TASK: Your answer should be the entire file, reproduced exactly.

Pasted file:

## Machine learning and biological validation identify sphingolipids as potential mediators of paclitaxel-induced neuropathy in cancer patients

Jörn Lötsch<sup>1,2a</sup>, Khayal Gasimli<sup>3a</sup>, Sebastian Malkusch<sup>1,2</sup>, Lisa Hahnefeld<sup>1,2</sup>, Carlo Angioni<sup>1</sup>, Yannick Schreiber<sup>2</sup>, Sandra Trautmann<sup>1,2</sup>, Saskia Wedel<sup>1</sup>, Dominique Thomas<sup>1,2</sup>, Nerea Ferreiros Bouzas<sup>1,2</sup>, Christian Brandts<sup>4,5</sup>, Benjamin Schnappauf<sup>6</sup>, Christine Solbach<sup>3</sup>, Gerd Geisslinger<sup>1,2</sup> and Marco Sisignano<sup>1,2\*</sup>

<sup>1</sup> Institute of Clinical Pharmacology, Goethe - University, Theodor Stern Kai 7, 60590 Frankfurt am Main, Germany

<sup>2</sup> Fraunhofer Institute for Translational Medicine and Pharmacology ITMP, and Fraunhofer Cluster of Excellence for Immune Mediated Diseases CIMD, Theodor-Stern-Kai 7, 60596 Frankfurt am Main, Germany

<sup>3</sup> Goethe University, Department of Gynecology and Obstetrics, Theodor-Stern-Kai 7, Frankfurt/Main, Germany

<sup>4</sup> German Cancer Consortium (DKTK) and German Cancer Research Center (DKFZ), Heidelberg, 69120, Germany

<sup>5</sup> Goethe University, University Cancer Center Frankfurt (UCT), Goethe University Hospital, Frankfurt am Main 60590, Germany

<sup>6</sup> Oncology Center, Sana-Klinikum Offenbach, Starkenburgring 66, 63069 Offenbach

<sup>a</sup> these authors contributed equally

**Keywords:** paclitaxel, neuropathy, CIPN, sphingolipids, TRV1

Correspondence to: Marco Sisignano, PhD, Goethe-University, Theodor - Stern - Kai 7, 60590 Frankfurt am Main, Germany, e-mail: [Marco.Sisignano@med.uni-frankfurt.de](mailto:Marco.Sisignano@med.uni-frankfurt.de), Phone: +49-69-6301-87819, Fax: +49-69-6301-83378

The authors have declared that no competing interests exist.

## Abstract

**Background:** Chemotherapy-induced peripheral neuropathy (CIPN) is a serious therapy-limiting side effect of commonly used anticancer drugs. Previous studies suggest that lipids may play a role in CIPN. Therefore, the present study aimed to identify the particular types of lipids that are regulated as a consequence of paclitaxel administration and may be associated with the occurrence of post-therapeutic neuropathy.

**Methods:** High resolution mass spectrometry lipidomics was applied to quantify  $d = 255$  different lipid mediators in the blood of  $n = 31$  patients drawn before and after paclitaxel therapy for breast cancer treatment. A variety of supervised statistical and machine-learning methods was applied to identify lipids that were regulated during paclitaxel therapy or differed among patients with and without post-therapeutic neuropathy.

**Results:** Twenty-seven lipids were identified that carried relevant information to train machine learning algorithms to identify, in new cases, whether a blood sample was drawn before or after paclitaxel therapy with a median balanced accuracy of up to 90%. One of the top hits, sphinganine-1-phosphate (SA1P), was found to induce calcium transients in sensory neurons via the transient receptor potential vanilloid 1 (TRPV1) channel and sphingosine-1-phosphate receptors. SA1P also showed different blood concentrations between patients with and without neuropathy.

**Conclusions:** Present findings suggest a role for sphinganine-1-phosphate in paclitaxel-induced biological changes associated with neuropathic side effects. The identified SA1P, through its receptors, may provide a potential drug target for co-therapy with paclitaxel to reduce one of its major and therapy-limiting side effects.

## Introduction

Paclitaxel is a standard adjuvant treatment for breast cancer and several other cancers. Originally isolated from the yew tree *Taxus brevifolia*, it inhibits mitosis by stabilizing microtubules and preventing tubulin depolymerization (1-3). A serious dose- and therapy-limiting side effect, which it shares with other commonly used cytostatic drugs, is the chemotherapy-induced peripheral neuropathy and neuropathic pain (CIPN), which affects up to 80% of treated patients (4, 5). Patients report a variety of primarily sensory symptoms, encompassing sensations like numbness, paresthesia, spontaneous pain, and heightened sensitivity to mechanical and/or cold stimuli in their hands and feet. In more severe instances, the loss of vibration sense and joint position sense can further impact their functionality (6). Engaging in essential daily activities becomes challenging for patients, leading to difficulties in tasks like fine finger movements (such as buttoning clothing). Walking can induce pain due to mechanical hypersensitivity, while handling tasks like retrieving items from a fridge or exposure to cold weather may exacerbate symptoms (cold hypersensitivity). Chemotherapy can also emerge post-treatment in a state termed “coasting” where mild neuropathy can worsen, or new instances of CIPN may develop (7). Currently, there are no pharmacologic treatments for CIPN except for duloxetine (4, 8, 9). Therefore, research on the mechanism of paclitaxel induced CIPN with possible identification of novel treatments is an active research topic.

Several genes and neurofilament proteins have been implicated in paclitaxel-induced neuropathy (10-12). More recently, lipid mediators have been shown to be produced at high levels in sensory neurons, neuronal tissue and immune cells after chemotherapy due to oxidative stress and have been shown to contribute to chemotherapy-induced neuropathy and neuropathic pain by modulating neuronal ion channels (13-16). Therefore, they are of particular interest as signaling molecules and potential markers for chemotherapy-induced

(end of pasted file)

## Machine learning and biological validation identify sphingolipids as potential mediators of paclitaxel-induced neuropathy in cancer patients

Jörn Lötsch<sup>1,2a</sup>, Khayal Gasimli<sup>3a</sup>, Sebastian Malkusch<sup>1,2</sup>, Lisa Hahnefeld<sup>1,2</sup>, Carlo Angioni<sup>1</sup>, Yannick Schreiber<sup>2</sup>, Sandra Trautmann<sup>1,2</sup>, Saskia Wedel<sup>1</sup>, Dominique Thomas<sup>1,2</sup>, Nerea Ferreiros Bouzas<sup>1,2</sup>, Christian Brandts<sup>4,5</sup>, Benjamin Schnappauf<sup>6</sup>, Christine Solbach<sup>3</sup>, Gerd Geisslinger<sup>1,2</sup> and Marco Sisignano<sup>1,2\*</sup>

<sup>1</sup> Institute of Clinical Pharmacology, Goethe - University, Theodor Stern Kai 7, 60590 Frankfurt am Main, Germany

<sup>2</sup> Fraunhofer Institute for Translational Medicine and Pharmacology ITMP, and Fraunhofer Cluster of Excellence for Immune Mediated Diseases CIMD, Theodor-Stern-Kai 7, 60596 Frankfurt am Main, Germany

<sup>3</sup> Goethe University, Department of Gynecology and Obstetrics, Theodor-Stern-Kai 7, Frankfurt/Main, Germany

<sup>4</sup> German Cancer Consortium (DKTK) and German Cancer Research Center (DKFZ), Heidelberg, 69120, Germany

<sup>5</sup> Goethe University, University Cancer Center Frankfurt (UCT), Goethe University Hospital, Frankfurt am Main 60590, Germany

<sup>6</sup> Oncology Center, Sana-Klinikum Offenbach, Starkenburgring 66, 63069 Offenbach

<sup>a</sup> these authors contributed equally

**Keywords:** paclitaxel, neuropathy, CIPN, sphingolipids, TRV1

Correspondence to: Marco Sisignano, PhD, Goethe-University, Theodor - Stern - Kai 7, 60590 Frankfurt am Main, Germany, e-mail: [Marco.Sisignano@med.uni-frankfurt.de](mailto:Marco.Sisignano@med.uni-frankfurt.de), Phone: +49-69-6301-87819, Fax: +49-69-6301-83378

The authors have declared that no competing interests exist.

## Abstract

**Background:** Chemotherapy-induced peripheral neuropathy (CIPN) is a serious therapy-limiting side effect of commonly used anticancer drugs. Previous studies suggest that lipids may play a role in CIPN. Therefore, the present study aimed to identify the particular types of lipids that are regulated as a consequence of paclitaxel administration and may be associated with the occurrence of post-therapeutic neuropathy.

**Methods:** High resolution mass spectrometry lipidomics was applied to quantify  $d = 255$  different lipid mediators in the blood of  $n = 31$  patients drawn before and after paclitaxel therapy for breast cancer treatment. A variety of supervised statistical and machine-learning methods was applied to identify lipids that were regulated during paclitaxel therapy or differed among patients with and without post-therapeutic neuropathy.

**Results:** Twenty-seven lipids were identified that carried relevant information to train machine learning algorithms to identify, in new cases, whether a blood sample was drawn before or after paclitaxel therapy with a median balanced accuracy of up to 90%. One of the top hits, sphinganine-1-phosphate (SA1P), was found to induce calcium transients in sensory neurons via the transient receptor potential vanilloid 1 (TRPV1) channel and sphingosine-1-phosphate receptors. SA1P also showed different blood concentrations between patients with and without neuropathy.

**Conclusions:** Present findings suggest a role for sphinganine-1-phosphate in paclitaxel-induced biological changes associated with neuropathic side effects. The identified SA1P, through its receptors, may provide a potential drug target for co-therapy with paclitaxel to reduce one of its major and therapy-limiting side effects.

## Introduction

Paclitaxel is a standard adjuvant treatment for breast cancer and several other cancers. Originally isolated from the yew tree *Taxus brevifolia*, it inhibits mitosis by stabilizing microtubules and preventing tubulin depolymerization (1-3). A serious dose- and therapy-limiting side effect, which it shares with other commonly used cytostatic drugs, is the chemotherapy-induced peripheral neuropathy and neuropathic pain (CIPN), which affects up to 80% of treated patients (4, 5). Patients report a variety of primarily sensory symptoms, encompassing sensations like numbness, paresthesia, spontaneous pain, and heightened sensitivity to mechanical and/or cold stimuli in their hands and feet. In more severe instances, the loss of vibration sense and joint position sense can further impact their functionality (6). Engaging in essential daily activities becomes challenging for patients, leading to difficulties in tasks like fine finger movements (such as buttoning clothing). Walking can induce pain due to mechanical hypersensitivity, while handling tasks like retrieving items from a fridge or exposure to cold weather may exacerbate symptoms (cold hypersensitivity). Chemotherapy can also emerge post-treatment in a state termed “coasting” where mild neuropathy can worsen, or new instances of CIPN may develop (7). Currently, there are no pharmacologic treatments for CIPN except for duloxetine (4, 8, 9). Therefore, research on the mechanism of paclitaxel induced CIPN with possible identification of novel treatments is an active research topic.

Several genes and neurofilament proteins have been implicated in paclitaxel-induced neuropathy (10-12). More recently, lipid mediators have been shown to be produced at high levels in sensory neurons, neuronal tissue and immune cells after chemotherapy due to oxidative stress and have been shown to contribute to chemotherapy-induced neuropathy and neuropathic pain by modulating neuronal ion channels (13-16). Therefore, they are of particular interest as signaling molecules and potential markers for chemotherapy-induced